I can remember our daughter starting her spring break (I should say “our” spring break given that I needed it as much as she did), when the community college announced they would take an extra week as a precautionary move against the spread of the virus. If memory serves, the word “pandemic” had yet to become part of our everyday lexicon .
That was five weeks ago, and now, all our snack joints—those that remain open–are for take-out only. Our parks are closed, or heavily monitored to minimize the numbers of people, and the library is shut down.
We press on in the best way we can. After all, a significant part of this stay-at-home life is not new to us.
No, we do not have much of a life after school. No, we don’t have all of the books I wanted to use once the library ceased even its curbside service. It would be easy to wallow in what’s not happening, or to give in to my anxieties. After all, our daughter will enter her senior year of high school in the fall, and though she is currently planning to take a gap year, I cannot help feeling as if I am behind—and so is she.
But perspective is everything. And if we allow our perspective to become His perspective, our circumstances look sooooo much better. It occurs to me that…
Jesus valued being still. In a recent post, I wrote about the power of peace. Christ models this for us throughout the Bible. We see Him sleeping in the bottom of boats; we see His presence in clouds and still small voices; we see Him praying—a lot. What we never see is anxiety or restlessness. I know there are those who struggle with the concept of staying home to stay safe. But still, small spaces house the very voice of God.
We are created in Christ’s image. This includes our wisdom and discernment. So much is being said about the times, and this pandemic is being covered from every. single. possible. angle. We owe it to those around us to operate in wisdom. Yet, wisdom is based as much on knowing what to tune out as what to tune in. This point might be controversial to some, but with my critical thinking hat on, I fully realize the power of the media to instill fear, to keep us watching, and to keep us spending. There is money to be made from our hysteria, and we would be better served in many cases to hold on to it.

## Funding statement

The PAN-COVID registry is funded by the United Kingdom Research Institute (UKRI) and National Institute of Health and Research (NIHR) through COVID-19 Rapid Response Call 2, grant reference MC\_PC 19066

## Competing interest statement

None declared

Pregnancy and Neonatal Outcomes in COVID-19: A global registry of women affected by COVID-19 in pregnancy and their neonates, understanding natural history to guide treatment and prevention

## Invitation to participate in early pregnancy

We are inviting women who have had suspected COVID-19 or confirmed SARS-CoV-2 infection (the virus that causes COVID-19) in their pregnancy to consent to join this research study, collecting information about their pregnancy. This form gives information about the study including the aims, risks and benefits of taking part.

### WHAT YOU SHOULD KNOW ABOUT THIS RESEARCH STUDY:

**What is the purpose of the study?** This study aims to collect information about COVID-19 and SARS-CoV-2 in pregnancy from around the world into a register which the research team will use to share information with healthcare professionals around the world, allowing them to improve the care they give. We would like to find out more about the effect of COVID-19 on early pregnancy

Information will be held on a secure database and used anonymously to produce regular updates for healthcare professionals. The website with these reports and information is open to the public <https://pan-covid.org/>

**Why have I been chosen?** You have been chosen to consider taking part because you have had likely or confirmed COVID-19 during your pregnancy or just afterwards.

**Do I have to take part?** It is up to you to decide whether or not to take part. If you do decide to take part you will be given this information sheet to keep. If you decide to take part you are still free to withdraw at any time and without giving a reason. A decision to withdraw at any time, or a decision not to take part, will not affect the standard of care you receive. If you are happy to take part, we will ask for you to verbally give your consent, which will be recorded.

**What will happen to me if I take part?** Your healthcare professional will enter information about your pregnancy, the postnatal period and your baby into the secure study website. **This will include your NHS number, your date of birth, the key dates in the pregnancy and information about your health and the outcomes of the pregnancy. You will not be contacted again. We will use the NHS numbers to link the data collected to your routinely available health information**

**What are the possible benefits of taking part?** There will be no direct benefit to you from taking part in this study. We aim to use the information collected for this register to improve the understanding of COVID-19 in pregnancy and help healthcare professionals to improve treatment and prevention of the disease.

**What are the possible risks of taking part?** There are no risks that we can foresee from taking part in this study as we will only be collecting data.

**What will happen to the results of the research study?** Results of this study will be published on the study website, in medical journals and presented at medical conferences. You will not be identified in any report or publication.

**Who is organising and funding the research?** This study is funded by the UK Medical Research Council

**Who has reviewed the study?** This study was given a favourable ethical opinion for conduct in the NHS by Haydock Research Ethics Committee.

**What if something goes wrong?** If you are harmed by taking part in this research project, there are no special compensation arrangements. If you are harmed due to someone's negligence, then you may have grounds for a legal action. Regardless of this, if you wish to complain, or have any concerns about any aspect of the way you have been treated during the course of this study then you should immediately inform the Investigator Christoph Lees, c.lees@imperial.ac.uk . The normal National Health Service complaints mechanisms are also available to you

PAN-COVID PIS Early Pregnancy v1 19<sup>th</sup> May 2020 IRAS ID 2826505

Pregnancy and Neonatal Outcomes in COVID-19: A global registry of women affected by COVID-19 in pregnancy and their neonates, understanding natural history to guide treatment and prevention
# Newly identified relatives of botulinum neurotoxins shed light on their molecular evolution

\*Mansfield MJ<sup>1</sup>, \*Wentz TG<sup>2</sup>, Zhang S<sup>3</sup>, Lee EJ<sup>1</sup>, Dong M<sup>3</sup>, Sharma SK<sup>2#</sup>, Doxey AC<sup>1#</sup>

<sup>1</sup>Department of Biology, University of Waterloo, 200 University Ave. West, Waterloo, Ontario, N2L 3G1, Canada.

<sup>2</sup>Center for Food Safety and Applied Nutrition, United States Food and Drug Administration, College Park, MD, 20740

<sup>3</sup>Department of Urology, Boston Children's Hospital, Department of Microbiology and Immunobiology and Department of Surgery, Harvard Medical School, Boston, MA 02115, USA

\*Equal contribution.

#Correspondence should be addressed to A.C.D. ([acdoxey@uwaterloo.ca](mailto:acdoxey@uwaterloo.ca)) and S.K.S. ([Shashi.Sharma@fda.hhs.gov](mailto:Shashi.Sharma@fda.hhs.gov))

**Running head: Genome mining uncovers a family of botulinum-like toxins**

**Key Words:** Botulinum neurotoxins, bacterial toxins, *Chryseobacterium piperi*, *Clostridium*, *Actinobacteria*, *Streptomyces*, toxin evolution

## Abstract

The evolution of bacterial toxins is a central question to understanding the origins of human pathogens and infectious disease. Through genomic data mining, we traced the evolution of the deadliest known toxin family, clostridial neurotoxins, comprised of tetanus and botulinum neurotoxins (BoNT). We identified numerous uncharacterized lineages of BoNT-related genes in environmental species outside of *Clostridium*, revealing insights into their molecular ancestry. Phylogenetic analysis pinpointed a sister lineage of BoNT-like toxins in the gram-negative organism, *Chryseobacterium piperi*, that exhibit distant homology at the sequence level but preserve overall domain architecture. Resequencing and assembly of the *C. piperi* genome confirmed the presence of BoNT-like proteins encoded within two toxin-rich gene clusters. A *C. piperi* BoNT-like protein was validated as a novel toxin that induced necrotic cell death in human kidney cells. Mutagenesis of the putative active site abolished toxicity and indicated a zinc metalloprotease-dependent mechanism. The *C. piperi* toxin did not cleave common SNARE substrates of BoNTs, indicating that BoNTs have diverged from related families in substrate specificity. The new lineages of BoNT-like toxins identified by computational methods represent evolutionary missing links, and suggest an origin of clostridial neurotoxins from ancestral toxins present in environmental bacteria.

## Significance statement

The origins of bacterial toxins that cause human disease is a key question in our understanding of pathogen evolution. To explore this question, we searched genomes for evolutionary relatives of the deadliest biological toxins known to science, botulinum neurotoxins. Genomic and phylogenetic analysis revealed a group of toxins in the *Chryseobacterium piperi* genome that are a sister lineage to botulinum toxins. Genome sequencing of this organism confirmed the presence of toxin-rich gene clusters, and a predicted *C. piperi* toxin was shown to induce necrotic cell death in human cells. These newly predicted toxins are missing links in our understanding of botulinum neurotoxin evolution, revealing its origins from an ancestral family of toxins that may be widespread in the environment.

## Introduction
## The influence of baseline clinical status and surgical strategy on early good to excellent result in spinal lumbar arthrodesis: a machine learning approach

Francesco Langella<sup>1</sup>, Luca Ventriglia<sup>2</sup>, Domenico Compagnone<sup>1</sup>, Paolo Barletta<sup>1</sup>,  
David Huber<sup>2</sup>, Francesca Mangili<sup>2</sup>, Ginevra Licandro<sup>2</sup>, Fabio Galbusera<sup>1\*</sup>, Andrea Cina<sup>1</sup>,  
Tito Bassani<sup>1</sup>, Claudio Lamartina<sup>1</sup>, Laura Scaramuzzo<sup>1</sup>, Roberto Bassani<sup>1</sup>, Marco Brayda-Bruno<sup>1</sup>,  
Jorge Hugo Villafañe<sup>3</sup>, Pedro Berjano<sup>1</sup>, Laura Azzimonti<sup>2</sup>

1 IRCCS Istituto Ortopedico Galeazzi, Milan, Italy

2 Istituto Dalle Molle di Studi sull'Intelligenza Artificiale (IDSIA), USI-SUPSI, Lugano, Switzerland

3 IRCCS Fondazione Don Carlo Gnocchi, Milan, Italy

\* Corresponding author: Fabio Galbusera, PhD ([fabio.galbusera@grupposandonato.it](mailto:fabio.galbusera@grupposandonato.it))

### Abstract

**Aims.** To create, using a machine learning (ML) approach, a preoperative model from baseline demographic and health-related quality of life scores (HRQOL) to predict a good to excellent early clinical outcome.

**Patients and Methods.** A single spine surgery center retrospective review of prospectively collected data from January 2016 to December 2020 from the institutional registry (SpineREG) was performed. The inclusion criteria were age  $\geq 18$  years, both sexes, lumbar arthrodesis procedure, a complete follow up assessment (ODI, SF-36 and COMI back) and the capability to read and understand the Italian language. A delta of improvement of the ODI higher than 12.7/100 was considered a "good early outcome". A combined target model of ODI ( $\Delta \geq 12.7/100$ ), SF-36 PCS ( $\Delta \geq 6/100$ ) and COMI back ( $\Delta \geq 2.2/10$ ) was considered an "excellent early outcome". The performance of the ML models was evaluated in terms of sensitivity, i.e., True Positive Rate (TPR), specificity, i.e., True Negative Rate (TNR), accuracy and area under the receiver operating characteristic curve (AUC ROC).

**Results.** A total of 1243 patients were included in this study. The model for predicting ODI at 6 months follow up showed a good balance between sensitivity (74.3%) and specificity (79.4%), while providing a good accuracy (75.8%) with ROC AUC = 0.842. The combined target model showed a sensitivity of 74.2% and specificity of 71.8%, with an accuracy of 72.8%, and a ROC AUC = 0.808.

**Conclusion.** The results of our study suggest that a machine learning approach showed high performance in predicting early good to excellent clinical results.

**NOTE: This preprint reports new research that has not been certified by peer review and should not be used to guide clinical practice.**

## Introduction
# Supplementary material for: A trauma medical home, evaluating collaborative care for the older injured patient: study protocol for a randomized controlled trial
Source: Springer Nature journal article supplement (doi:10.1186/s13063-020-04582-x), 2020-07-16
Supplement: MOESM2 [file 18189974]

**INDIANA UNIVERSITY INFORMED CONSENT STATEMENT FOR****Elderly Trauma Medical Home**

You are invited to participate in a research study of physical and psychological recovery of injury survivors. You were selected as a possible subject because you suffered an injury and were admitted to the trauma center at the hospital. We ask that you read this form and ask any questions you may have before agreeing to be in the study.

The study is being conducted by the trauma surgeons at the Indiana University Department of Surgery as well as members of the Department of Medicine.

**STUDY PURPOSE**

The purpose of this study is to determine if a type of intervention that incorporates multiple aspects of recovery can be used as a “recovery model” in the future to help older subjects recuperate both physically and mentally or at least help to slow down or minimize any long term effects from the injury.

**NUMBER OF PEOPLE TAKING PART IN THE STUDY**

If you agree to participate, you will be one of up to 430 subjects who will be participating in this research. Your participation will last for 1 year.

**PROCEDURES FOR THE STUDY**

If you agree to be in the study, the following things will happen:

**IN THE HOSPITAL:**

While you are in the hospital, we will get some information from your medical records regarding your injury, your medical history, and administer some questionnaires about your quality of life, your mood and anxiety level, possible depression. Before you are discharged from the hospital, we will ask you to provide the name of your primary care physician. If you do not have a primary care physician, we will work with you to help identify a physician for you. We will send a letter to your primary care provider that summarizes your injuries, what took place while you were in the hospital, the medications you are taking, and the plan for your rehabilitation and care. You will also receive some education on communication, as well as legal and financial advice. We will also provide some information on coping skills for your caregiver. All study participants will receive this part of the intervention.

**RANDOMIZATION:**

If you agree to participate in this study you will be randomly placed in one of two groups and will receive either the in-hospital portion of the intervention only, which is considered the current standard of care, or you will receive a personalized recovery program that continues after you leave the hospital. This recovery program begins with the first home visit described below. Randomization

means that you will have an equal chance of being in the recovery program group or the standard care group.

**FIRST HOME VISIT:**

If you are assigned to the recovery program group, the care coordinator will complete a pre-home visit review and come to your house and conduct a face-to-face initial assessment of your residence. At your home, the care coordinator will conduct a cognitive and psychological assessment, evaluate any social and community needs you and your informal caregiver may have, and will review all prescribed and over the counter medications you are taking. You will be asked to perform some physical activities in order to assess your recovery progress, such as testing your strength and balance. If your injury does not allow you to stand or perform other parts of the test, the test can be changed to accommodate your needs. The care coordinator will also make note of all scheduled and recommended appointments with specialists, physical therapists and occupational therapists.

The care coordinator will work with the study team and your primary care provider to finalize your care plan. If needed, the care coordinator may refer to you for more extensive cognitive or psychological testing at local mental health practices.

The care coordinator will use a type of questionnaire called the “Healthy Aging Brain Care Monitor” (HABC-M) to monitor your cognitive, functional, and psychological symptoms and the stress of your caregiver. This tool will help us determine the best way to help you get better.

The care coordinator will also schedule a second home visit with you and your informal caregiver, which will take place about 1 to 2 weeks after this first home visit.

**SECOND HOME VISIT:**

This, too, shall pass. And so our challenge is to focus on what has not changed, what needs to change, and what we can change. I have seen a dynamic illustrated as a balance between gratitude and grief—gratitude over the things we still have, the day-to-day joys, the basic needs that are (hopefully) being met in our households. The grief? Well, our lives are decidedly different now. There are fewer hugs, fewer touches, less trips to take, and for some, less money to live life as it once was. The truth is that we can acknowledge our grief while operating in gratitude. As the old saints would say, praise Him anyhow. There is much to be thankful for, and much that each of us can do—IF we focus on what is fixable, necessary, and productive. Philippians 4:8 guides us in what types of thoughts are worth our time. But if you are like me, some repentance is necessary—for the hours I spent thinking about being productive, for the place social media has taken in my life, and the assignments I denied in my indulgence and laziness.
I say all of this having had few COVID-19-related changes in my life. We are still working and writing, no one close to us has suffered great sickness, and except for our older children coming home (never a bad thing) temporarily, we are well. Someone reading this may not be in the same place.
I still choose to believe in His promises; prayerfully you will, too.